Monday, July 20, 2009

My Presentation to the International Medieval Congress (Part II)

(Part I)

Did Jews have the power to act against those accused of heresy? When faced with other types of threats the heads of the Jewish community proved themselves quite capable of putting through legislation, which regulated the behavior of individuals. In 1397, in response to the events of 1391, the leader of the Jewish community, Hasdai Crescas passed through a series of takkanot, in Saragossa that increased the powers of the communal trustees, making it easier for them to act without consulting the community as a whole. He placed a ban of excommunication on anyone who would tamper with his regulations.[1] Crescas wrote a book, Or Adonai (Light of the Lord), attacking Aristotelian philosophy and Maimonides yet he did not bother to place any restrictions on the study of philosophy. If Crescas really believed that Aristotelian philosophy posed a mortal threat to Judaism then surely he should have done more than engage in a philosophical debate with Aristotle and Maimonides. He should have put the considerable power, that he wielded, and used it to rid the community of Aristotle’s books and Aristotelian philosophers.

We see a similar pattern with the Synod of Valladolid in 1432, under Don Abraham Benveniste that focused on the need to reestablish community authority. The ordinances focused on five things: instruction in Torah communal judges, denunciation and slander, taxes and services and restrictions upon extravagant dress and entertainment. The council was concerned with the lack of Torah study amongst the Jewish community in Castile. In order to rectify the situation and support those involved in the study of Torah and teaching it a tax was levied on cattle slaughtered, wine, weddings, circumcisions and death. Every community was to appoint it own judges and officials to serve terms of one year. In case of any indecisions the matter was to be brought to the Rab de la Corte, who would appoint someone himself. These judges wielded the power to levy fines and even use corporal punishment. They could force people to appear before the court and fine those who refused. They could order the arrest of any Jew provided they first signed a warrant in the presence of witnesses. The Synod forbade Jews to take other Jews to a Christian court or denounce other Jews to Christians, except if it was a matter of taxes due to the king, something pertaining to the king’s welfare or if the Jew in question did not recognize the authority of the Jewish court.[2] The Synod forbade Jews to attempt to seek special privileges from the Christian authorities in order to exempt themselves from community taxes.[3] Finally the Synod placed restrictions on what sort of clothing Jews could wear. [4] The idea being that Jews should not wear fancy garments so as to not incur the ire of their Christian neighbors. [5]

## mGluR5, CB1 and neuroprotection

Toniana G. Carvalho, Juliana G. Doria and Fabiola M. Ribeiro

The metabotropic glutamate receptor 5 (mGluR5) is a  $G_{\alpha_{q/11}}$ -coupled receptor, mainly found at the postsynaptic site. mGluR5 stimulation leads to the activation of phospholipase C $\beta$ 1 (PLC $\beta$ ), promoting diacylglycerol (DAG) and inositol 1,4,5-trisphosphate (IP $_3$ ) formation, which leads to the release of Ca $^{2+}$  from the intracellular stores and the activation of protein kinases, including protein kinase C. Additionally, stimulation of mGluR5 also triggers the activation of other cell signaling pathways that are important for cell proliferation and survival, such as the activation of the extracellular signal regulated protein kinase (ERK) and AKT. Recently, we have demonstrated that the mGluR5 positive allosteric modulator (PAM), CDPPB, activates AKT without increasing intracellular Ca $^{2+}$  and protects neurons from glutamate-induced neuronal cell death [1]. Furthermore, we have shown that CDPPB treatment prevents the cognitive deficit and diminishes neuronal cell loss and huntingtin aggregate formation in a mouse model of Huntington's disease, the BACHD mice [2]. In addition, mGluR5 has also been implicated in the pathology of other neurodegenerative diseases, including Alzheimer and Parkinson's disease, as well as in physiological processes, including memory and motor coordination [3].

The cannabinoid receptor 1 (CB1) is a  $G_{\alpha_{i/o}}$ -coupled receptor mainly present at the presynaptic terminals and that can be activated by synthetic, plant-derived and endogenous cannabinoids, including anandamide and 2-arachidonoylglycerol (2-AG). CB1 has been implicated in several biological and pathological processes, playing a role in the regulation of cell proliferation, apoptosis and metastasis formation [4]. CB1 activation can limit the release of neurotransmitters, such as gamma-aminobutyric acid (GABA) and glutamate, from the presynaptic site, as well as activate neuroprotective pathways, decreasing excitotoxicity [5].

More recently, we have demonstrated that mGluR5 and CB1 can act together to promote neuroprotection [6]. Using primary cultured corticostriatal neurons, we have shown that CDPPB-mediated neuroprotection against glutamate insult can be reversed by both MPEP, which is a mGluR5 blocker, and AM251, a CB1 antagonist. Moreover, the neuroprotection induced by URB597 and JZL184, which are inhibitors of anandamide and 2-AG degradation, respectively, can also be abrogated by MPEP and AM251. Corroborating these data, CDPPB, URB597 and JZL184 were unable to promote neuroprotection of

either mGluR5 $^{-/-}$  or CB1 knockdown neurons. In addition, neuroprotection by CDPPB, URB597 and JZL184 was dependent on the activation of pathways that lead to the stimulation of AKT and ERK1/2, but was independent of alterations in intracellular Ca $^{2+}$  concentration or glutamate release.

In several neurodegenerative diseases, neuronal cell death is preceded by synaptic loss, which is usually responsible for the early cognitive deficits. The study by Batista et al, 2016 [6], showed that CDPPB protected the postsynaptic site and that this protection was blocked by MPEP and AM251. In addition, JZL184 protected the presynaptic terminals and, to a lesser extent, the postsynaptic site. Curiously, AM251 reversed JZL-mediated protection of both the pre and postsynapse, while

Benveniste was Rab de la Corte under John II of Castile. In accordance with these statutes, Benveniste, as Rab de la Courte, was the supreme legal authority amongst all Jews in Castile and had power over all courts. We know from Ibn Musa that Benveniste was critical of philosophical interpretations of the Bible. According to Ibn Musa, Benveniste once responded to two scholars, who preached about “matters alien to our tradition,” using “figurative interpretations,” saying:

My brothers, children of Abraham, believe that when the Bible says in the beginning God created (Gen. 1:1) or Jacob left Beersheba (Gen. 26:10), it is to be understood in its simple meaning. Believe also in all that is written in the Torah, and what the rabbis explained in accordance with their tradition. Do not believe those who provocatively speak of alien matters.[6]

One would have imagined that Benveniste, among all of his various community regulations, could have spared a few lines as to the regulation of rogue preachers engaged in undermining popular belief with their philosophical allegories. As Rab de la Courte he certainly would have had the power to successfully wage the sort of campaign that had been attempted with limited success by Solomon of Montpellier, in 1232, and Solomon ben Aderet and Abba Mari, in 1306.

Part of the solution to this historical problem lies, I believe, in rethinking the issue of what these anti-philosophical polemics were about. I would suggest that rabbis wrote these polemics not written in order to warn ordinary Jews as to the dangers and failings of philosophy, but to reach out to conversos and make the case to them that Christian theology was a denial of the God of the Bible, and that by remaining as Christians they were abandoning God’s covenant and were no different than the Israelites in the Bible who worshipped Baal. Since we are dealing with a population that the church and the civil authorities viewed as Christian, Jews could not directly write anything that tried to get conversos to remain Jewish in any fashion. Therefore any outreach to conversos needed to be esoterically written.